Stop the presses. Martin Heidegger was an anti-Semite:
For decades, controversy has marred the legacy of Martin Heidegger, whose theories and complicity with the Nazi regime led many to brand him an anti-Semite.
Yet there was never a smoking gun in the late German philosopher’s expansive work, an explicit pejorative reference to Jews or Judaism as such. Heidegger admirers and critics battled over certain passages, concepts, and personal anecdotes. But neither side could issue unequivocal evidence to put to rest the long-running feud.
This, however, may change with the publication in March of Heidegger’s “black notebooks,” a kind of intellectual diary he kept during the 1930s and 40s. Officially the new material is under embargo until publication, but leaked excerpts, as well as statements by Peter Trawny, the collection’s editor, seem to illustrate beyond a doubt that Heidegger harbored anti-Semitic convictions during the Nazi dictatorship.
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The new material “is something very surprising, something we’ve never seen before,” says Mr. Trawny, director of the Martin Heidegger Institute at the University of Wuppertal. The scholar was chosen by the Heidegger family to edit the three volumes of the leather-covered black notebooks.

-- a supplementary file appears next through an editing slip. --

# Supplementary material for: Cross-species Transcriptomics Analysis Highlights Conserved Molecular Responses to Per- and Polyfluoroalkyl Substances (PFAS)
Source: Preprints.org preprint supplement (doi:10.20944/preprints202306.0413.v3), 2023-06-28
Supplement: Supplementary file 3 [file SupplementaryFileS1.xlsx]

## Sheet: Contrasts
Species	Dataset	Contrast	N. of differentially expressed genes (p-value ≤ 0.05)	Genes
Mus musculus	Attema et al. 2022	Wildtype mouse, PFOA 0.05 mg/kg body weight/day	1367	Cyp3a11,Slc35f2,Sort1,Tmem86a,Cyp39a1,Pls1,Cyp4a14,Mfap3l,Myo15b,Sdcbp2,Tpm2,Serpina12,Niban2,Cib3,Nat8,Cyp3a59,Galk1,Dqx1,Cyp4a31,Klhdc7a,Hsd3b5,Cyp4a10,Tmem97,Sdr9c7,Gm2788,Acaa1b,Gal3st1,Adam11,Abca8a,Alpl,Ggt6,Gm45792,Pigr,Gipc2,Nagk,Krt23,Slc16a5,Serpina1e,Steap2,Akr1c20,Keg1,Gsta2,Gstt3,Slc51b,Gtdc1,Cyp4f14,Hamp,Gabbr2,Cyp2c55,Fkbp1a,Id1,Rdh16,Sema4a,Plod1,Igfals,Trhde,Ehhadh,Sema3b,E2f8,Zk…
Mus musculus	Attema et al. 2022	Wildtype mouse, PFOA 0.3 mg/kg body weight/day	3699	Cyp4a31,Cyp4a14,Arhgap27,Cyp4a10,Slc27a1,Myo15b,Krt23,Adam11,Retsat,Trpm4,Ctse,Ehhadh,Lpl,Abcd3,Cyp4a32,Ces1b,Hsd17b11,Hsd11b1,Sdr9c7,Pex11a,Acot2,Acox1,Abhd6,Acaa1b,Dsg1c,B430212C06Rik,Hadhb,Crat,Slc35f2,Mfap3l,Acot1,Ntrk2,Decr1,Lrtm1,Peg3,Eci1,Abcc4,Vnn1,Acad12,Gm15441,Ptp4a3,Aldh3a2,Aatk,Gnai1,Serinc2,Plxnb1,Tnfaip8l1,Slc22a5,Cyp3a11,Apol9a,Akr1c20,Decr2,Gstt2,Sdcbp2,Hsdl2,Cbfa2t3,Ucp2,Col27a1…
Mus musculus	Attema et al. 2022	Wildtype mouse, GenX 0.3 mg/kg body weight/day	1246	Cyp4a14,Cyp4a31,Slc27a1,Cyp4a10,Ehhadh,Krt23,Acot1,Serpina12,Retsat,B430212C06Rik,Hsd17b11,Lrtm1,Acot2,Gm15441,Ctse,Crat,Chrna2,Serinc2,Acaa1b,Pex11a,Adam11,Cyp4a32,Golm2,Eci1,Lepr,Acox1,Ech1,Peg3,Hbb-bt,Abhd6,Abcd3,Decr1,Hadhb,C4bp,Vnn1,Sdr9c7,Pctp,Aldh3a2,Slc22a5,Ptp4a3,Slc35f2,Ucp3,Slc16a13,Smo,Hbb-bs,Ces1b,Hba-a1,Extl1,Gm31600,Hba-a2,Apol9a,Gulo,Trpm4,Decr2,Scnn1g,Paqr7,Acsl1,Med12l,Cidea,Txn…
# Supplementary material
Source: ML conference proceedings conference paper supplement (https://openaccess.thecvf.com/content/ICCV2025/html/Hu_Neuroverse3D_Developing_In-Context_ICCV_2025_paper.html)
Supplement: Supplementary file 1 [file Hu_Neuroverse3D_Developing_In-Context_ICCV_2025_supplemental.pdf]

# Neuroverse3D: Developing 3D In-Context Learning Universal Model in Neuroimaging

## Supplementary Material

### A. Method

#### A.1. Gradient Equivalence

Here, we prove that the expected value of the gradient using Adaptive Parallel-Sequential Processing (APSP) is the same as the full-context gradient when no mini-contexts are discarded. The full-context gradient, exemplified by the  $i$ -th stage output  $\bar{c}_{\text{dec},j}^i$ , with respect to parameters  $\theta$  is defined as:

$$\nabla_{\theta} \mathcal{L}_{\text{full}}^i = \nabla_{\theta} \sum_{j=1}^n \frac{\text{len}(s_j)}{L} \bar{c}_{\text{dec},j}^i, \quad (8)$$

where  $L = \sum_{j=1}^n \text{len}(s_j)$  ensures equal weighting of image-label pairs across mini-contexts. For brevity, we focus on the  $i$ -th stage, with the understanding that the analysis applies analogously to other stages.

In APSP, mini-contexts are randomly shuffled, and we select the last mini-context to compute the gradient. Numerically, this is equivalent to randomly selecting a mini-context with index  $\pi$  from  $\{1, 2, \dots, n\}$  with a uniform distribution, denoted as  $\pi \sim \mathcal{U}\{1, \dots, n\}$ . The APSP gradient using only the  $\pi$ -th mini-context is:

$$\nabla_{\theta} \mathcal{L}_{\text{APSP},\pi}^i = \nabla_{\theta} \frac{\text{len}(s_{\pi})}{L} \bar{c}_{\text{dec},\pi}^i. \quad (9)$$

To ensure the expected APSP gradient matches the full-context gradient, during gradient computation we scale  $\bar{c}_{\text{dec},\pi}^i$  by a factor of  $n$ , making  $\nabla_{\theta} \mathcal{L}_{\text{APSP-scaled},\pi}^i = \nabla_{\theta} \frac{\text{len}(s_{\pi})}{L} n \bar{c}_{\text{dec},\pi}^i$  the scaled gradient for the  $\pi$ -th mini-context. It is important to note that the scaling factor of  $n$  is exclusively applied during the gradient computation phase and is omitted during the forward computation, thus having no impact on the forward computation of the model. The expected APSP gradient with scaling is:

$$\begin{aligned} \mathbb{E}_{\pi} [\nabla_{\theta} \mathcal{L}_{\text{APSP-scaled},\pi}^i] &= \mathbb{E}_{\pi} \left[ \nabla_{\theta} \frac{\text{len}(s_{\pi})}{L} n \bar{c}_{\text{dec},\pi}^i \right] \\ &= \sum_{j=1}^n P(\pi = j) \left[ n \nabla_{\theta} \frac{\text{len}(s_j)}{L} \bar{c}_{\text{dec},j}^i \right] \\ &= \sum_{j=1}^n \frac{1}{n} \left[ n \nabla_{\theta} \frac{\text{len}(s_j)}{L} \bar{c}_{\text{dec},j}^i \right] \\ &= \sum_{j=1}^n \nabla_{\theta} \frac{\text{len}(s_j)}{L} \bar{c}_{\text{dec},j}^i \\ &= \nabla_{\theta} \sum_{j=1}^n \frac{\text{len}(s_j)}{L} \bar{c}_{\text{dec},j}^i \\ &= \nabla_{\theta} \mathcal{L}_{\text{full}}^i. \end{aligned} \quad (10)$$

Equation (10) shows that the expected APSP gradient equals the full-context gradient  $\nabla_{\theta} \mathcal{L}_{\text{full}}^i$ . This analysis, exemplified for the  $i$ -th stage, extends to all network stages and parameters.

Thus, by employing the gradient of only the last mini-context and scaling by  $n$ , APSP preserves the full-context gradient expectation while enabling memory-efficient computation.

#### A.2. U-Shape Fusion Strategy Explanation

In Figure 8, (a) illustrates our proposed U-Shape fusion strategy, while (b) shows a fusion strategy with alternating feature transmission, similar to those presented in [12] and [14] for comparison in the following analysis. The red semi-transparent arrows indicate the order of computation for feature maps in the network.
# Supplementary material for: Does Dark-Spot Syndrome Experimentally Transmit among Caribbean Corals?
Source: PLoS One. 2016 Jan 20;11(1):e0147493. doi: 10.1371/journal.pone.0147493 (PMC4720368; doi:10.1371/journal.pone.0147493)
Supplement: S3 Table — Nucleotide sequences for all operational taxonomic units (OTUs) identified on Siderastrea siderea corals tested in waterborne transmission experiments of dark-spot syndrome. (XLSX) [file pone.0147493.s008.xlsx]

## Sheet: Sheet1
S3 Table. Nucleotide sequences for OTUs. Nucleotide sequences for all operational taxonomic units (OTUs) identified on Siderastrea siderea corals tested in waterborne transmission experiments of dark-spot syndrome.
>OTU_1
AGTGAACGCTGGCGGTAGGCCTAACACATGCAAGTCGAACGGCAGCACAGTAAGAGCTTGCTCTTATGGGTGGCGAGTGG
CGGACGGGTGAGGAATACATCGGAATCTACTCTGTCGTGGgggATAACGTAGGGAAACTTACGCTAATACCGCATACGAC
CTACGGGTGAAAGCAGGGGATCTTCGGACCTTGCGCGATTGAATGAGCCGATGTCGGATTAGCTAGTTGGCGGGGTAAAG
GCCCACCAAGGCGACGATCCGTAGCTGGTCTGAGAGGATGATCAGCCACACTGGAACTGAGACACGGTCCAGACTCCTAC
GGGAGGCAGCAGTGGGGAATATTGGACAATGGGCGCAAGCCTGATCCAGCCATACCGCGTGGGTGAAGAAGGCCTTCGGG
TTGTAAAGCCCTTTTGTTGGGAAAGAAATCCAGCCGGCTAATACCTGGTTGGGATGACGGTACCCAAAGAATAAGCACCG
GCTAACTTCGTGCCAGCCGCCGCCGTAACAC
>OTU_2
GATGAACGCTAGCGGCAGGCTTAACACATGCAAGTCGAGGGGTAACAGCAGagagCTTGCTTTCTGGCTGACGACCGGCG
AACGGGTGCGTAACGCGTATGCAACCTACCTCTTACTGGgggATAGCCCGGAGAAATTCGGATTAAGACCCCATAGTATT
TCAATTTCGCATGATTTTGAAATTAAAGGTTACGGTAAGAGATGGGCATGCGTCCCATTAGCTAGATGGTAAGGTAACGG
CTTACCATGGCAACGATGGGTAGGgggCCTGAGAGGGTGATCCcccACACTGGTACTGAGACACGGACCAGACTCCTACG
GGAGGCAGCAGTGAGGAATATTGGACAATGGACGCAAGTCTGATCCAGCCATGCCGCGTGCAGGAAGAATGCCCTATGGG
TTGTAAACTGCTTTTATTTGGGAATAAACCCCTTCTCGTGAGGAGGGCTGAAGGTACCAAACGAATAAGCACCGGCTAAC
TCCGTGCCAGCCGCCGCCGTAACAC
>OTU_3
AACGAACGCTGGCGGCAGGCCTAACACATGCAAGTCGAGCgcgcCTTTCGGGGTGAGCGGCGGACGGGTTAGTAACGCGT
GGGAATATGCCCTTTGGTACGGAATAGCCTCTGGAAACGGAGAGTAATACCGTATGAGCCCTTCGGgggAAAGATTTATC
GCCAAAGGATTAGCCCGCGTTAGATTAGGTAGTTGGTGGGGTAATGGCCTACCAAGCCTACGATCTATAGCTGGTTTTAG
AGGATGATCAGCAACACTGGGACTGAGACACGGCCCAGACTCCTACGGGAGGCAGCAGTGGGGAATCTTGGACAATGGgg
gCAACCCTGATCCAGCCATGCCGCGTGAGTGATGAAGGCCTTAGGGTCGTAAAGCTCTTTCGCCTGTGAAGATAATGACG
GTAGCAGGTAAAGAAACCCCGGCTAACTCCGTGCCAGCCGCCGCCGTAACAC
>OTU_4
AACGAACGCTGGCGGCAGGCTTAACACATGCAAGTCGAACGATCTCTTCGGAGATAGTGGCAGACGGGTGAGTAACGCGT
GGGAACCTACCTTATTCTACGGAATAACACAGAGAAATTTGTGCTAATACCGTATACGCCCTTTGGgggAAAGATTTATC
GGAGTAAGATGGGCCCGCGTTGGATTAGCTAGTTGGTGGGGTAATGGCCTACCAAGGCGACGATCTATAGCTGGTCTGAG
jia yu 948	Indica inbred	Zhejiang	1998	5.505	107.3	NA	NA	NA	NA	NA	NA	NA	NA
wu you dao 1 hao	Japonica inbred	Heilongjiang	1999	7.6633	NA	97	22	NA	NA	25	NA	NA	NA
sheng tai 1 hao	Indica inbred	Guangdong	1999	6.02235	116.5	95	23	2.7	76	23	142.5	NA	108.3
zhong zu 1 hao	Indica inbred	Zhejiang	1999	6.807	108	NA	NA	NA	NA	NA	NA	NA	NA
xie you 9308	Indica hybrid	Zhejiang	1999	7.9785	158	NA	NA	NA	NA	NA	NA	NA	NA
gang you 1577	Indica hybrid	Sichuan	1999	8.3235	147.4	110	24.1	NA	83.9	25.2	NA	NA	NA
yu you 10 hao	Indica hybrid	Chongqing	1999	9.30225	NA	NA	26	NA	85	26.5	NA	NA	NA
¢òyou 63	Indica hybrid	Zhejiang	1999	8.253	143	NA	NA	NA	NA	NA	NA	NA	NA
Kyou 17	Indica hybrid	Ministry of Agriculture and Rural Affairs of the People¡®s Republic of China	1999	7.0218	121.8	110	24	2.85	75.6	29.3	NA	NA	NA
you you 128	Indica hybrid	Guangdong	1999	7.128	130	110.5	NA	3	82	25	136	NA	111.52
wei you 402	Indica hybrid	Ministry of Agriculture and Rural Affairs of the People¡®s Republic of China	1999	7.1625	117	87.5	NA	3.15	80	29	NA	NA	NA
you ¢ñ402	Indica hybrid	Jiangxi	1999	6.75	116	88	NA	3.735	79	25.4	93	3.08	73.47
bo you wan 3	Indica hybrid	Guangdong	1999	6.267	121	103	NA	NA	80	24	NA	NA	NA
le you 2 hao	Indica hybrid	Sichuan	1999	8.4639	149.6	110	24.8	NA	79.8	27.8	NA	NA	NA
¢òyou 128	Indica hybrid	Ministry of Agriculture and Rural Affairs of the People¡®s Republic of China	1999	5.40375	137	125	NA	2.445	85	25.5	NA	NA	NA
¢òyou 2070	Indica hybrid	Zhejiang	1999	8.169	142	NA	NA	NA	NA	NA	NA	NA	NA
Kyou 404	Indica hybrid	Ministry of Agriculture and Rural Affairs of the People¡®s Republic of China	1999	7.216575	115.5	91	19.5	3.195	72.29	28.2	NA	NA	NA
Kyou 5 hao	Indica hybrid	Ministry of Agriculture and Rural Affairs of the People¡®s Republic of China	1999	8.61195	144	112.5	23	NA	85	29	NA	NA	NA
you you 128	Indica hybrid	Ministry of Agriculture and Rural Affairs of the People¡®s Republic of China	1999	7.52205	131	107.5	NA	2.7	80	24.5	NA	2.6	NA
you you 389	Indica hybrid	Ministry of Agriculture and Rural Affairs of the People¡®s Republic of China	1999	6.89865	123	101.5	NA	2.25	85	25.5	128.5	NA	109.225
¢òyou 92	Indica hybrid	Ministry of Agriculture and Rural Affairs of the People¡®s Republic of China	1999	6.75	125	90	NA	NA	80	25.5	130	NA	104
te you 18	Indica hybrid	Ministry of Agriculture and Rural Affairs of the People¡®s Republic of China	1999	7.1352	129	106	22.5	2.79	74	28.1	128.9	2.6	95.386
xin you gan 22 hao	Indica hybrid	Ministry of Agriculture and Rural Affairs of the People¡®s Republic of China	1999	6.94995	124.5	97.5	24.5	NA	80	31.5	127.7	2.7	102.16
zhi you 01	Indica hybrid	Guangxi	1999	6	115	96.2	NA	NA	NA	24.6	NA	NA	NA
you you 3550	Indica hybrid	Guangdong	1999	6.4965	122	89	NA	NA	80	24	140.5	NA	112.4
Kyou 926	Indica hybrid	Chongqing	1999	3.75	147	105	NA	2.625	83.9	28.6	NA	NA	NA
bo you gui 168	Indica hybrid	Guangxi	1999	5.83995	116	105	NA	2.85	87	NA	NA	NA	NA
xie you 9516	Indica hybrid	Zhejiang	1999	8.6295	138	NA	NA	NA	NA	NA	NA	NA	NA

“In the late 1930s and early 1940s, Heidegger was very angry,” says Mr. Trawny. By then, he says, the philosopher realized that both Nazi ideology and his own philosophical mission, which was predicated on a national revolution and Germany’s dominance in Europe, were going to fail. “In this anger, he makes reference to Jews, including some passages that are extremely hostile. We knew that he had expressed anti-Semitism as private insights, but this shows anti-Semitism tied in to his philosophy,” says Mr. Trawny.
The editor says Heidegger’s references to a controlling “world Jewry” and to a collusion of “rootless” Jews in both international capitalism and communism are essentially the logic that informs the Protocols of the Elders of Zion, the infamous, early 20th-century, anti-Semitic forgery that claims to show a Jewish conspiracy for global domination. “He doesn’t say he’s read The Protocols,” says Mr. Trawny, “but that’s not necessary to share a certain kind of anti-Semitism with the Protocols. Nazi propaganda was full of exactly this kind of anti-Semitism.”
Amazingly, some Heidegger defenders continue to try to argue that their man wasn’t so bad, and that the quotes are taken out of context–which goes to show, of course, that nothing in the world will convince them that Heidegger was an anti-Semite. If resisting reality were an Olympic sport, these folks might be shoo-ins for the gold.